Have you ever bought a Listed building?

Charlie Davidson, Associate Solicitor in Bishop & Sewell’s Property team.

Charlie Davidson, an Associate Solicitor at solicitors Bishop & Sewell, explains that whilst there are restrictions and responsibilities to owning a piece of British heritage, if you know what you’re doing and you’re well advised, even Grade 1 should hold no terrors.

A building being Listed is a celebration of that building’s architectural and cultural value. Being Listed also brings a building under the protection of the English planning system, so that it may be preserved for future generations. Buying a Listed property can bring with it unique challenges and responsibilities that you must be alive to during the conveyancing process and beyond.

A Listed building is defined by section 1(5) of the Planning (Listing Buildings and Conservation Areas) Act (1990) (“the Act”) as “a building which is for the time being included in a list compiled by or approved by the Secretary of State”. In this case, the power falls to the Department of Culture, Media, and Sport.

When you own a Listed building, you are not just a registered proprietor; you are a custodian of part of this country’s heritage. Therefore, whilst this should undoubtedly be considered to be a privilege, you will also be assuming a certain amount of responsibility.

There are three grades of listing, based on a building’s architectural and/or historic interest:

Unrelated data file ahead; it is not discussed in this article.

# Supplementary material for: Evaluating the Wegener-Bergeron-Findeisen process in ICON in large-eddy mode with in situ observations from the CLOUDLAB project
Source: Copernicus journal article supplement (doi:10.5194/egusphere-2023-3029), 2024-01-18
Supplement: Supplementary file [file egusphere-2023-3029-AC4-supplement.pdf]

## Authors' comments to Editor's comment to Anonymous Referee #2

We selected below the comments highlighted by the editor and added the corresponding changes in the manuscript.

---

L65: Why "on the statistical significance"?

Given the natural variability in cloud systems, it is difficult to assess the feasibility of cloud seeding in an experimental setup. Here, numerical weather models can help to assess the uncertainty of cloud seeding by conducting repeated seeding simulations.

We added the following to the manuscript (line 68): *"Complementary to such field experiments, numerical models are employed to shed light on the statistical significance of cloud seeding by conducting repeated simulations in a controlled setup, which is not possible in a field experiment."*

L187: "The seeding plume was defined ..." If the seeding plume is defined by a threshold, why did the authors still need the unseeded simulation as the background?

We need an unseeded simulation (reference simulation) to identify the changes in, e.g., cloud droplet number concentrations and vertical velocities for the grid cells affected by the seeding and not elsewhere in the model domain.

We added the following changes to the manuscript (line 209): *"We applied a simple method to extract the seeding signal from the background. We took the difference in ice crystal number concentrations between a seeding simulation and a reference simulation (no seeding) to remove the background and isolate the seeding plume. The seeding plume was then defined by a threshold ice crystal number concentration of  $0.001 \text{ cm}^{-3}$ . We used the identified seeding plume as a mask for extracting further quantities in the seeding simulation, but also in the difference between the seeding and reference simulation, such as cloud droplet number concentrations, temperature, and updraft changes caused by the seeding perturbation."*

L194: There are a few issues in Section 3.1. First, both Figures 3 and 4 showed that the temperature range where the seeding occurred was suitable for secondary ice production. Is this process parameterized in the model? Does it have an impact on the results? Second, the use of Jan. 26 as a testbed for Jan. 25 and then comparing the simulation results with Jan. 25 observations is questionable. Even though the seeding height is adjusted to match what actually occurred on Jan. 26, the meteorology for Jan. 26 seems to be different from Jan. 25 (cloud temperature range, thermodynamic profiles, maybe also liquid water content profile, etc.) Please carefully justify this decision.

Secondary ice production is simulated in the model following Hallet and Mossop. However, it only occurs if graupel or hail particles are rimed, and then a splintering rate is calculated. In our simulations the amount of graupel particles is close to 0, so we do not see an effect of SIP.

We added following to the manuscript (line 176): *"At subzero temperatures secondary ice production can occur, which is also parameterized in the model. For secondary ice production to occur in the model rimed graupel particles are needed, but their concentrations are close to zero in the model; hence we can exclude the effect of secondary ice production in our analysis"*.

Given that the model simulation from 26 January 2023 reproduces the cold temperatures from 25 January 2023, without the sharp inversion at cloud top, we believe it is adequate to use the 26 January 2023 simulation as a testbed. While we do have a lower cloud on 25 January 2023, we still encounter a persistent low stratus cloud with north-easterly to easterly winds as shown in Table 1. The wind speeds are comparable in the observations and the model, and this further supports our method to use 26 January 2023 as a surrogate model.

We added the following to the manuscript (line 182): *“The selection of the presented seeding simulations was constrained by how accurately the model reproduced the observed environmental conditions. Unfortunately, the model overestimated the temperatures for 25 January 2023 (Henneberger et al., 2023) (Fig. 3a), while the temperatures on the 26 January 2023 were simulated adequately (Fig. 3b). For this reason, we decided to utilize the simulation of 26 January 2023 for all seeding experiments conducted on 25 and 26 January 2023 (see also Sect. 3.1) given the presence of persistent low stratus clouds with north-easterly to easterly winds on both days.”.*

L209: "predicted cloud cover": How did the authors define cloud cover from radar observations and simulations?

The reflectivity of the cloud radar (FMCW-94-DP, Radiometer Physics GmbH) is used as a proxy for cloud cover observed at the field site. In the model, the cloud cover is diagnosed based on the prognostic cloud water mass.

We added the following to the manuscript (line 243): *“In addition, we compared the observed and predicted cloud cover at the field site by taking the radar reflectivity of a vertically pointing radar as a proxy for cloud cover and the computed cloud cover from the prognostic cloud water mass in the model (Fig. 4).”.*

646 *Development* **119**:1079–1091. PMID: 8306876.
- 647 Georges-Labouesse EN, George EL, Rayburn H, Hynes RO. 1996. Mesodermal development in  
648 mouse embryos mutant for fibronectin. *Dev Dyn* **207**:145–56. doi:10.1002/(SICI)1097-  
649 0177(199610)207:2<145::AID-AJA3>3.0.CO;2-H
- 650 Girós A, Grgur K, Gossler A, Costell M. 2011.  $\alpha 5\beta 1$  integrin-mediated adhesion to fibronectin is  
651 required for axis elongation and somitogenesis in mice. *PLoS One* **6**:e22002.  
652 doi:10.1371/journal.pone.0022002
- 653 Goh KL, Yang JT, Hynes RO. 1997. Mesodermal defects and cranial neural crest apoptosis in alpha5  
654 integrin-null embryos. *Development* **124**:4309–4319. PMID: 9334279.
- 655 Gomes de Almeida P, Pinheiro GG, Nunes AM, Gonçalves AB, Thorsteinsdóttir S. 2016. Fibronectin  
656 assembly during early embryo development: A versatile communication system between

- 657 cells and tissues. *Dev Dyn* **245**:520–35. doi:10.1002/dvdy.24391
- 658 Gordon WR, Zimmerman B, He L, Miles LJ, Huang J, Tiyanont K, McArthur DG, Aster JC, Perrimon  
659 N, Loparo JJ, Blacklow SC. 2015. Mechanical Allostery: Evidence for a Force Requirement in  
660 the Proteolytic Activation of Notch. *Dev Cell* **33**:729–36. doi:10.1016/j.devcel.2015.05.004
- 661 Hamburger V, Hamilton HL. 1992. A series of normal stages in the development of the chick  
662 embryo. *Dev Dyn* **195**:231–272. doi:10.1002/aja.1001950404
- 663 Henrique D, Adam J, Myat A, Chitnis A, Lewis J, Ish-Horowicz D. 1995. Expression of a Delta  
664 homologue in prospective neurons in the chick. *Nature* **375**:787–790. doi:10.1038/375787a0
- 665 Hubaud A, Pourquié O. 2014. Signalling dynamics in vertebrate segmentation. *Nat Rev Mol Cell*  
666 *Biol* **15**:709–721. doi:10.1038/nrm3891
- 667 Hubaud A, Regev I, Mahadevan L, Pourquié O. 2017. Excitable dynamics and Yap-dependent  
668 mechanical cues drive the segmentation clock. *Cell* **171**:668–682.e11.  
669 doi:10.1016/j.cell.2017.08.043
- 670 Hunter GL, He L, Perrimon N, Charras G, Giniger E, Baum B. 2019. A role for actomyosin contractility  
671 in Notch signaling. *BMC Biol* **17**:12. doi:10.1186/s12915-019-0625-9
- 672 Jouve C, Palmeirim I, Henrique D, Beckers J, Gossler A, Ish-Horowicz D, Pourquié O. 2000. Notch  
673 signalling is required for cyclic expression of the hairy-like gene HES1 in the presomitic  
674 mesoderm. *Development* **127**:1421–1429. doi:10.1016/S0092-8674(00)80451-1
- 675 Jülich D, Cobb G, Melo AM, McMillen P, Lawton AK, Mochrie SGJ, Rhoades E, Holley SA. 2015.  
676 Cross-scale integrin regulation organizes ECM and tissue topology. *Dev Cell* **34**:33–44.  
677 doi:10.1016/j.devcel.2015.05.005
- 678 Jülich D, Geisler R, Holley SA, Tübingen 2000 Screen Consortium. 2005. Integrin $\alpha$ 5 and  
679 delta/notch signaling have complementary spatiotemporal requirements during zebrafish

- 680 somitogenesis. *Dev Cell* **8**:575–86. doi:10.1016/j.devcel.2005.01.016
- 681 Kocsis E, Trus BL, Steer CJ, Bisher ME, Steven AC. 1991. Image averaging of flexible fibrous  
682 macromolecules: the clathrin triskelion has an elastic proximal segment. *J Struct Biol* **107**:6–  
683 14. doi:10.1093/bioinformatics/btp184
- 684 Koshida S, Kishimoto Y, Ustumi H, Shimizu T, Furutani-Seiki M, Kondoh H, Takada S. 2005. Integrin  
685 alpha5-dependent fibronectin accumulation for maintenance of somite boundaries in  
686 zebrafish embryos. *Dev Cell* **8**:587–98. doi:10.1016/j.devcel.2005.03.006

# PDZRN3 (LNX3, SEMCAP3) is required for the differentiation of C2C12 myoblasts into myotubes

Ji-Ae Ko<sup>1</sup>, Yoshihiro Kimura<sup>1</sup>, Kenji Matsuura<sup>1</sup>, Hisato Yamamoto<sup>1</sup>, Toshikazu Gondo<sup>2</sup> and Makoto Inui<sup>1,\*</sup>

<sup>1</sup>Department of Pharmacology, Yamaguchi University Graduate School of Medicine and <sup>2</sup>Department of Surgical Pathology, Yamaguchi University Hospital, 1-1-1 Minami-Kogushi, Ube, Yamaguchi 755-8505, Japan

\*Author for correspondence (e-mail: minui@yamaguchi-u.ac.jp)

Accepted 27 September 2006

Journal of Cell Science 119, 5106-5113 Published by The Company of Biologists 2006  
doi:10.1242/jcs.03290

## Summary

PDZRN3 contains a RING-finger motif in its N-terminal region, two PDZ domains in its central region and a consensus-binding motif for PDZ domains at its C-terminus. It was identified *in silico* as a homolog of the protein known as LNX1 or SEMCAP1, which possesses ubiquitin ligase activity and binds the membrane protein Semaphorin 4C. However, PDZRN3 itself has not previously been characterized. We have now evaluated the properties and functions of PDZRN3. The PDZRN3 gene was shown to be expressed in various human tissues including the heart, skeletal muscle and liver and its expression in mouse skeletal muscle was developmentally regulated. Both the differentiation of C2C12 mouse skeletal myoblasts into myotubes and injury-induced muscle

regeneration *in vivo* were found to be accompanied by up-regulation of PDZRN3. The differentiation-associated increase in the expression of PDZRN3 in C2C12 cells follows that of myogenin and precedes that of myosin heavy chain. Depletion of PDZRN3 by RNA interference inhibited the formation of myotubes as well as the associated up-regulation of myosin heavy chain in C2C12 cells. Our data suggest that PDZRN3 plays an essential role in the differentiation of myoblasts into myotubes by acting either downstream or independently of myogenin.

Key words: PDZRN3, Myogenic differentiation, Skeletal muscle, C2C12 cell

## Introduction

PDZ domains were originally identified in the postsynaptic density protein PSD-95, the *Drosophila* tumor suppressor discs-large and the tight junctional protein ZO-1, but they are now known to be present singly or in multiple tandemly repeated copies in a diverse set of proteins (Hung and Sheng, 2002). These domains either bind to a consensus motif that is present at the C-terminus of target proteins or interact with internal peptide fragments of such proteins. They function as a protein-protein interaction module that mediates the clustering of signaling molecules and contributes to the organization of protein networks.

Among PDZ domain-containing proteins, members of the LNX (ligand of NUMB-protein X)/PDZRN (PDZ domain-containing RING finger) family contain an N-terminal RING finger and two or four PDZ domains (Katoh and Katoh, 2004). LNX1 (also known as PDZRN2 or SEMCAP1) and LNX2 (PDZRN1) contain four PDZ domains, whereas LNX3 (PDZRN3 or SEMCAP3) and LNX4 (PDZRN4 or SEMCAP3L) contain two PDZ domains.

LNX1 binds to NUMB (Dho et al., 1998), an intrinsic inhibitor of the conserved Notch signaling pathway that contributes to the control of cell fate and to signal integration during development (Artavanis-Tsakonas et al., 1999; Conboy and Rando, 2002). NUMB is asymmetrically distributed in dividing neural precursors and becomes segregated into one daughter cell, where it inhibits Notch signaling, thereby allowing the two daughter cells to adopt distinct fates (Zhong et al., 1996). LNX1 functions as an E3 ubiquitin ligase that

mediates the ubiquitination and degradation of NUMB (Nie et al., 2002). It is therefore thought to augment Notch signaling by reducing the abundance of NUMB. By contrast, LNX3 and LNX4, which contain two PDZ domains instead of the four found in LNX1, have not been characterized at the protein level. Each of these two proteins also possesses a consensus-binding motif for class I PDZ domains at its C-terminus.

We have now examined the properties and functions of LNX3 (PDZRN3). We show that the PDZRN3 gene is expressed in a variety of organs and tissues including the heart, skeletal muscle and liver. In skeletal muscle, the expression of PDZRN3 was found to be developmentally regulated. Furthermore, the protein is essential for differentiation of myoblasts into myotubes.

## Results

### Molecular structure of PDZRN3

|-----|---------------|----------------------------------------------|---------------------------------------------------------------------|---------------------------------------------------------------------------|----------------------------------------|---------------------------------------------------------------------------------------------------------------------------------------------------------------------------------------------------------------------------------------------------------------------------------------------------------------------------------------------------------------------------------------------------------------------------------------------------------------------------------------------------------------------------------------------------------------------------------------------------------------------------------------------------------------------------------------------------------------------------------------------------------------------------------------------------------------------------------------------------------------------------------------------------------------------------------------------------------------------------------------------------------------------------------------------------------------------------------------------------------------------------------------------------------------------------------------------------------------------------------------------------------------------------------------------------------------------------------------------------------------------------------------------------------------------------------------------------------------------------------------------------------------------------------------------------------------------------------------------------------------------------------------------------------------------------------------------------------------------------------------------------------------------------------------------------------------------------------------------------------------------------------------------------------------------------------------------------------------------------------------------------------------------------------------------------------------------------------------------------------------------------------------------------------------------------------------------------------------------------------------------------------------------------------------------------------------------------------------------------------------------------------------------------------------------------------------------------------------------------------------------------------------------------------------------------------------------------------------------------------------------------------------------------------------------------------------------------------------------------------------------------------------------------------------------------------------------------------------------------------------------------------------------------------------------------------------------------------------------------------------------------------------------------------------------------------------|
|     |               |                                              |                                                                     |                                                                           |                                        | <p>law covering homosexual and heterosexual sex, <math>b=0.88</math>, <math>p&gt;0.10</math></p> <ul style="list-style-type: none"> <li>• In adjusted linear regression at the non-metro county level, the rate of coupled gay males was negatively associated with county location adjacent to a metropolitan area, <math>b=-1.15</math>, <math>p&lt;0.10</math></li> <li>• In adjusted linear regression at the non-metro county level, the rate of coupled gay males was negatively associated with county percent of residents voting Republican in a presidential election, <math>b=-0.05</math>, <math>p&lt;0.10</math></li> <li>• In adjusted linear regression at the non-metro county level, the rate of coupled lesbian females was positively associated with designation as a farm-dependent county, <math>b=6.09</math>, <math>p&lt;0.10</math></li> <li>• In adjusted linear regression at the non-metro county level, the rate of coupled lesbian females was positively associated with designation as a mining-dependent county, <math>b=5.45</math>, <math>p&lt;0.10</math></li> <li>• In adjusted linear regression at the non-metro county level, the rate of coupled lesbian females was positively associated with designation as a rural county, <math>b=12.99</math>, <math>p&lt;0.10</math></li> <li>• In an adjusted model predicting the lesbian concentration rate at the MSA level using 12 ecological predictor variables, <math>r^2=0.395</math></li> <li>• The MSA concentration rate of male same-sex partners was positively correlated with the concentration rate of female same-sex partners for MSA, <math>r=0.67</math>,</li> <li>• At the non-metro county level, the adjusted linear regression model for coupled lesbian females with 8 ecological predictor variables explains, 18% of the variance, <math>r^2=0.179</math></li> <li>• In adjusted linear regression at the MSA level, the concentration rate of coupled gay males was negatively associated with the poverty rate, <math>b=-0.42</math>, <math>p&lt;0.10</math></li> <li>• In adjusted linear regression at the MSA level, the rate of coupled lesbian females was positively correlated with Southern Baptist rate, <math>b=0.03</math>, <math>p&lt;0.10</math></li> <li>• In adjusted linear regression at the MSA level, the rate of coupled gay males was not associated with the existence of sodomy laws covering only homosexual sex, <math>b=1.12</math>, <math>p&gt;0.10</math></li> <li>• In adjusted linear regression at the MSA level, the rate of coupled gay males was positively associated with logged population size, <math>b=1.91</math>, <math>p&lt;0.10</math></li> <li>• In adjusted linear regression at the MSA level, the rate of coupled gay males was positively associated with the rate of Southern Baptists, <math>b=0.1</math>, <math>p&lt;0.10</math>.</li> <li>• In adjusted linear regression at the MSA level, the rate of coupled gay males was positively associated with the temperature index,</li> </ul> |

• Grade I: These are buildings of exceptional national importance. Approximately 2.5% of all Listed buildings are Grade I Listed;
  • Grade II*: These are particularly important buildings of more than special interest and have some national significance. Approximately 5.5% of all Listed buildings are Grade II* Listed; and
  • Grade II: These are buildings of special interest, warranting every effort to preserve them, but tend to be of more local importance.

For the purposes of the Act, a “Listed building” can mean each of the following –

  • The building itself; and/or
  • Any object or structure fixed to the building; and/or
  • Any object or structure within the land attached to the building that forms part of the land and has done so since before 1 July 1948.

Once a building has been Listed, it will normally require Listed building consent before it can be demolished, altered or extended. This is a separate issue from planning permission you would normally encounter. Some normally permitted development rights will also not apply. Listed building consent may be required in tandem to planning permission or on its own. Because of the wide definition of what a Listed building may entail, it is important to be extra diligent while undertaking any form of work to any such building.

Listed building consent is required for either:

  • The total demolition of a Listed building; or
  • Any alterations or extensions that would affect the Listed building’s character, both inside or out.

It is important to note that not all works will require Listed building consent. Listed building consent is only required for works, such as internal or external alterations, that affect the character of the building. This can be a matter of individual judgement. As a result, there is scope for differences of opinion (and argument) between the local planning authority, who has the ultimate say so, and Listed building’s owner. This is where the advice of a surveyor with a background in dealing with Listed buildings can be invaluable.